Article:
The majority of people in hospital with Covid in Bolton were eligible for the vaccine but have not had it, Matt Hancock has said, saying that health authorities would go “door-to-door” offering jabs.
His comments came as concern mounted over increased cases of the B.1.617.2 variant first detected in India, particularly in the north-west and parts of London, which could affect the future easing of lockdown restrictions.
There is a “high degree of confidence” that vaccines protect against the Indian variant of COVID-19 – but it can “spread like wildfire” among those who haven’t had a jab, Matt Hancock has told Sky News.Mr Hancock said it can “spread even faster” than the Kent variant, which drove the UK’s deadly second wave of infections this winter, with a total of just over 1,300 cases found in the country so far.
He said it was “becoming the dominant strain in some parts of the country” such as Bolton and Blackburn.In Bolton, where a number of people have ended up in hospitals with the Indian variant, the “vast majority” had been eligible for a COVID jab but had not yet had one, Mr Hancock said.
He likened the current situation facing the country to “a race between the vaccination programme and the virus”, with the Indian variant having “given the virus some extra legs in that race”.There have been concerns that the spread of the Indian variant in the UK could derail the government’s roadmap for easing lockdown restrictions.
But Mr Hancock said tomorrow’s planned easing to stage three of the roadmap – allowing indoor mixing between households – would still go ahead.
And a decision would be announced on 14 June as to whether the country would proceed to stage four a week later, when ministers aim to remove all legal limits on social contact.
“I suppose the number one lesson from this episode is that if you are eligible, you should come forward and get the jab,” Hancock told Times Radio.
“If you want to know why that’s important, the majority of people in hospital with coronavirus in Bolton this morning are eligible for the jab but haven’t had it yet – [that] is the strongest point of why it’s so important for everybody to come forward and get this jab.”
The health secretary also defended the government’s delay of almost three weeks before putting India on its travel red list, a move only made after the cancellation of Boris Johnson’s planned visit to Delhi.
Hancock said the decision not to red list India was “based on the evidence” when asked if it was linked to the prime minister’s desire to boost trade negotiations during his planned April visit, as cases soared in India.
The country was put on the red list, which requires hotel quarantine, for entering England 17 days after Pakistan and only after Johnson’s visit was cancelled.
“When we put Pakistan on the red list at the start of April that’s because the proportion of people testing positive coming in from Pakistan was three times higher than the proportion coming from India, and it was only after we put India on the red list that this variant went under investigation, and then earlier this month it became a variant of concern,” Hancock told Sky News.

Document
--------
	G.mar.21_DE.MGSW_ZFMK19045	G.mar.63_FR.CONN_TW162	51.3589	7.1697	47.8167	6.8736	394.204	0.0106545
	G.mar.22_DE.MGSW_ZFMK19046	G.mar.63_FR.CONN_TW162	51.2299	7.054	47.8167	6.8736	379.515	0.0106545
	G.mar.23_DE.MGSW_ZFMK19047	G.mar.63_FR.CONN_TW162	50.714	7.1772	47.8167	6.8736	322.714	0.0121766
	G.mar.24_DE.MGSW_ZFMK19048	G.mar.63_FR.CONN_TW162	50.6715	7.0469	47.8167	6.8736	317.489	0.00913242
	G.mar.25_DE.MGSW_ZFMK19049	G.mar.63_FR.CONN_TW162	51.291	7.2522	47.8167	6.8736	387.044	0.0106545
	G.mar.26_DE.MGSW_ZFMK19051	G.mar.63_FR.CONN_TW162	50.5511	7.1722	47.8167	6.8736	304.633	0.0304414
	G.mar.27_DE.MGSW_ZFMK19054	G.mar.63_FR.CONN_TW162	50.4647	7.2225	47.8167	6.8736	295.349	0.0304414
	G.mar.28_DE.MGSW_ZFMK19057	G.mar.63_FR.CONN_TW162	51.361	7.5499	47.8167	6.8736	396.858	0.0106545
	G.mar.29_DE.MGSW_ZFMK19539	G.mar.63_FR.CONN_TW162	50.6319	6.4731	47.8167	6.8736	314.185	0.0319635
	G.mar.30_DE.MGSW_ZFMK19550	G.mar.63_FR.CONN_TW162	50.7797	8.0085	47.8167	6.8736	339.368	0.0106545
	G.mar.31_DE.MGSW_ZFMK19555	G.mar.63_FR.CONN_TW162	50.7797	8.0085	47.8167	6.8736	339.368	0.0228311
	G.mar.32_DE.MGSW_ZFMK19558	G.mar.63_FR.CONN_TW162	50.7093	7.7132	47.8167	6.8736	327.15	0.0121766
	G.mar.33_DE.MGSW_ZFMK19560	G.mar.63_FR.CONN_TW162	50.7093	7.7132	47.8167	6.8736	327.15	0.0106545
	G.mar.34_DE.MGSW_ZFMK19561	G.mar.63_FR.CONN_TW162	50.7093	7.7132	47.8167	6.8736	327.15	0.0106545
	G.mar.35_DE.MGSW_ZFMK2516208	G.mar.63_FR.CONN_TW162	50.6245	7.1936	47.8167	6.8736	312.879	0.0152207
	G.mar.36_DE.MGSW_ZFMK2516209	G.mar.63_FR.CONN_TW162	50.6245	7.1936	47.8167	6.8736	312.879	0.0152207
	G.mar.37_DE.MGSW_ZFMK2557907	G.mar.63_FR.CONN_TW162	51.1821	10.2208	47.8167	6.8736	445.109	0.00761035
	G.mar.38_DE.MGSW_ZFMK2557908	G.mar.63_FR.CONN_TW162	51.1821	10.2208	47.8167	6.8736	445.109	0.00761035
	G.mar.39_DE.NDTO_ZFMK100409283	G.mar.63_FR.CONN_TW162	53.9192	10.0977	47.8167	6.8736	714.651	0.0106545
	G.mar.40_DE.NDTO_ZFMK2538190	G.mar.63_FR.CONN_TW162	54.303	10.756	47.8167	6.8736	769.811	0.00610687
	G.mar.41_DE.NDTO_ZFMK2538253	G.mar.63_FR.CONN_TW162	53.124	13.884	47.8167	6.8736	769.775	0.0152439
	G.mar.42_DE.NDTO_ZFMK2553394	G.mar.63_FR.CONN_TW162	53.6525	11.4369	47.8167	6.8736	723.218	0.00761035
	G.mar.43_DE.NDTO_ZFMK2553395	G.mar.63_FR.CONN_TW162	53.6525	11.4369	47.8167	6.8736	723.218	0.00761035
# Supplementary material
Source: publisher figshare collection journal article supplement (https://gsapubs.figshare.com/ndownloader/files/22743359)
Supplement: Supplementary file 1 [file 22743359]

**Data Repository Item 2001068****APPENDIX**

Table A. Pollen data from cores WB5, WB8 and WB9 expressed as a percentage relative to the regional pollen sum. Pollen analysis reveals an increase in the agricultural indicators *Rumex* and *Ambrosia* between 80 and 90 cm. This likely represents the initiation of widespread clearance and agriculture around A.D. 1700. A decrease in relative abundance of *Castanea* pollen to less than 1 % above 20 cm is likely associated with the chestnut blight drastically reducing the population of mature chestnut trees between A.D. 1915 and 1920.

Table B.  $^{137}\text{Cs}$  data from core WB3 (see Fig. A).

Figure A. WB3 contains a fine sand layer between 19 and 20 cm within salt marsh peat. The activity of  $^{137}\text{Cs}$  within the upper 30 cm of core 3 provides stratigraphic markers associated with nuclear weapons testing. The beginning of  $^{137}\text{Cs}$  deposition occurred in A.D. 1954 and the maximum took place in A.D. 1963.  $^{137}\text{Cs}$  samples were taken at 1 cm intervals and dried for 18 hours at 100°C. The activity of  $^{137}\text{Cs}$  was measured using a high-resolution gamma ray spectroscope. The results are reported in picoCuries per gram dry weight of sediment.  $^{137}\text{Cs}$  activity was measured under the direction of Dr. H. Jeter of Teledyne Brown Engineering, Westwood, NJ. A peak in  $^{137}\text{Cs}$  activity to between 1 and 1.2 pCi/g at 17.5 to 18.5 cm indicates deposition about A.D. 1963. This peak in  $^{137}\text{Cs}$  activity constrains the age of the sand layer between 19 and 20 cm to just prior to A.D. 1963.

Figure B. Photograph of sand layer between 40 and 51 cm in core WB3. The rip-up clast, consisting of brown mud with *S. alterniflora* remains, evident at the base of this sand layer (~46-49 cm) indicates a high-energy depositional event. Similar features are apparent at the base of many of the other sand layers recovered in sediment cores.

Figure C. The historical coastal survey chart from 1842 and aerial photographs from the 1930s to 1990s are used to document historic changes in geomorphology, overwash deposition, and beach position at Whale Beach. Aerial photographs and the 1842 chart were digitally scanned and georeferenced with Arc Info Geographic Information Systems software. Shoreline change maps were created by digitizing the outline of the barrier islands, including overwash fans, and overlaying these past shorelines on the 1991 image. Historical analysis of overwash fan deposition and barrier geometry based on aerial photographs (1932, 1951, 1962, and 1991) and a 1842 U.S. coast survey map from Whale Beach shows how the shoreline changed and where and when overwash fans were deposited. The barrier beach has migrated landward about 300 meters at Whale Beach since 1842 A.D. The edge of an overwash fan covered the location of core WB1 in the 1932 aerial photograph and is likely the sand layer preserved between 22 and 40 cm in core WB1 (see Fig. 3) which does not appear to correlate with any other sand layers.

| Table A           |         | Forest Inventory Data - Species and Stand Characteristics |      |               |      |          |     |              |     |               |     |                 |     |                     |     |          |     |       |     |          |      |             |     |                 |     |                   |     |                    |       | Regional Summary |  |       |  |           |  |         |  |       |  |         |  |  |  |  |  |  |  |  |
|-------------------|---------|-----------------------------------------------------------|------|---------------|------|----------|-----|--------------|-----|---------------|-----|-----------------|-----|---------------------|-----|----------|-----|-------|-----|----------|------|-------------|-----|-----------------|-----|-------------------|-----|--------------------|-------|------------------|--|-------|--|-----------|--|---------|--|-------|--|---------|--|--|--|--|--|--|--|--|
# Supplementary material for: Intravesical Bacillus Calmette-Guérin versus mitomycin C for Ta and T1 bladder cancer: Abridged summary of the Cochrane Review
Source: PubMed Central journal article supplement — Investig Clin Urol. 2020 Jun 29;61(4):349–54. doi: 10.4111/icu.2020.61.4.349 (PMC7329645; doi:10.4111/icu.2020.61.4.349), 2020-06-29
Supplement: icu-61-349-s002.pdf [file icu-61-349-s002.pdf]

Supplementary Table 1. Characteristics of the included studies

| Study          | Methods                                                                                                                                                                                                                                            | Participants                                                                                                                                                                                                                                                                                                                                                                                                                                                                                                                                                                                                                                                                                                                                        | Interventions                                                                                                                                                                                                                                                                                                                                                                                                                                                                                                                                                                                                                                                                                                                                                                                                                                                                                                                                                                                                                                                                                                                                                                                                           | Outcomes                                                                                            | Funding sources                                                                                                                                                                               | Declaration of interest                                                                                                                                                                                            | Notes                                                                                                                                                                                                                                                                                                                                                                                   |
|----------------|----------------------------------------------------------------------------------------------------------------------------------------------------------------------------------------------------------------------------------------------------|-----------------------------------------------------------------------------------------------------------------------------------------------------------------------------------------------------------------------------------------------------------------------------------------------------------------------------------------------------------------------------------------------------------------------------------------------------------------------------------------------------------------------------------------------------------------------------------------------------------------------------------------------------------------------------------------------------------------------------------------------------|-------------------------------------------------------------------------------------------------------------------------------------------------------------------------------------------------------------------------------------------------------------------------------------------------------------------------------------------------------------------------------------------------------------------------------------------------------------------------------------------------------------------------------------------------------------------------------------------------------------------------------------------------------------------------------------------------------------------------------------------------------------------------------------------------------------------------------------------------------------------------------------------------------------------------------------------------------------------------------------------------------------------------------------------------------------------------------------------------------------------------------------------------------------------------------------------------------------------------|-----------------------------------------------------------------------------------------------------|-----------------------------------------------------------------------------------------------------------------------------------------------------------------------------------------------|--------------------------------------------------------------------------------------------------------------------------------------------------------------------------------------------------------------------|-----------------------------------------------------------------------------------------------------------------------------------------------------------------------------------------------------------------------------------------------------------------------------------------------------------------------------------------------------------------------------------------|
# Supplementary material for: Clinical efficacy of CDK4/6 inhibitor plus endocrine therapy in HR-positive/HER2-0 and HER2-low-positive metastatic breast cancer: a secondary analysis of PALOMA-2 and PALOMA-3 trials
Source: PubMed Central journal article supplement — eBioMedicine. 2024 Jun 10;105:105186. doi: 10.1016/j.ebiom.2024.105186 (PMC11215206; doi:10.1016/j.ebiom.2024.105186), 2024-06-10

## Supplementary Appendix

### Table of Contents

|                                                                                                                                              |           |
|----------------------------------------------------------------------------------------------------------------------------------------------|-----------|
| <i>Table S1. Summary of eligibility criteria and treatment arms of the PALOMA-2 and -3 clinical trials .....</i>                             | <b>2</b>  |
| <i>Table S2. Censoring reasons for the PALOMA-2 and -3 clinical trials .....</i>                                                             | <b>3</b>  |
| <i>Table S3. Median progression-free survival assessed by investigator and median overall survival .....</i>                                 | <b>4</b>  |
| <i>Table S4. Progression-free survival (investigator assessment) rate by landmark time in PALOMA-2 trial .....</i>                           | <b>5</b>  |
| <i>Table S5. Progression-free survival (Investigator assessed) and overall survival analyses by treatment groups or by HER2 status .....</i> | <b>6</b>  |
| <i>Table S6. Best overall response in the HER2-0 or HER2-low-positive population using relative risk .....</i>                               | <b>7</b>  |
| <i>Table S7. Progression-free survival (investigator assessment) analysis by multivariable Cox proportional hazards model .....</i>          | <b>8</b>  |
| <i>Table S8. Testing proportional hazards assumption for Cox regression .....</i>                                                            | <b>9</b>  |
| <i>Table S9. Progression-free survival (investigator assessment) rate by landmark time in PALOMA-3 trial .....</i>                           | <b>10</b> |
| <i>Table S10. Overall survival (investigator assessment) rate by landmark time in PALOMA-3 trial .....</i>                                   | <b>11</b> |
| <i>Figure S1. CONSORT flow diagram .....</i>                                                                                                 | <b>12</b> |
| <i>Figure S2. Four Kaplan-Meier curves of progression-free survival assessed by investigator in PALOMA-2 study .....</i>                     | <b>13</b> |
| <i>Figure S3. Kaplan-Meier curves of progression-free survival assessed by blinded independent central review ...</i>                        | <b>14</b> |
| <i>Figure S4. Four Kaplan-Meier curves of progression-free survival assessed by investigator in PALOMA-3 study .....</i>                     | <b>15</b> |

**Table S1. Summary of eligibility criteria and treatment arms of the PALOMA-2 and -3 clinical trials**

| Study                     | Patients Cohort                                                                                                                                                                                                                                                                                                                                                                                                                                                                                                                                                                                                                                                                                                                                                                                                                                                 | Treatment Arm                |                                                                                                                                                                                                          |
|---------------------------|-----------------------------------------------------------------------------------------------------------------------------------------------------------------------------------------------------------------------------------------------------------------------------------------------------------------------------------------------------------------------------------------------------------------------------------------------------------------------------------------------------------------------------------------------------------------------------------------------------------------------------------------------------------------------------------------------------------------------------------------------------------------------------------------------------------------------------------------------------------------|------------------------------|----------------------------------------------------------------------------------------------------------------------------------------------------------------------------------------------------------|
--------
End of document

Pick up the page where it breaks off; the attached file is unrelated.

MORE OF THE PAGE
He said it was “quite likely this will become the dominant variant” in the UK, because of its transmissibility. The Joint Committee on Vaccinations and Immunisations (JCVI) was said to be “cautiously optimistic” that vaccines would work against the India variant of Covid-19.
Government scientific advisers suggested that people should still avoid indoor socialising when rules are relaxed on Monday and Labour’s Yvette Cooper said the government should pause plans to allow international travel.
Hancock reiterated that places with high case numbers linked to the variant, such as Bolton and Blackburn, could see local lockdowns put in place but said that was not a step the government wanted to take.
“The approach we’re taking in Bolton and Blackburn is to absolutely pile in testing and vaccinations to try to get on top of this,” he said.
Hancock told the BBC’s The Andrew Marr Show that five people who had received a single jab of a Covid vaccine have been hospitalised with the variant in Bolton, and one person who had received both. He said he was not aware of any deaths among people who had been vaccinated.
Major new restrictions were due to be lifted on Monday, which will allow indoor socialising and overnight stays with other households for the first time, with advice against hugging also lifted.
Hancock said he would hug his own parents but stay outdoors. “Of course there are people who have been yearning to have some physical contact – you should do that carefully. If you’ve had both jabs more than two weeks ago, that’s much safer,” he said.
But Hancock stressed that the government was moving towards a “mantra” of personal responsibility. “We all have a personal responsibility, we all know now the sorts of things that are riskier but we’re able because the case numbers are so low to move away from some of the more restrictive interventions,” he said.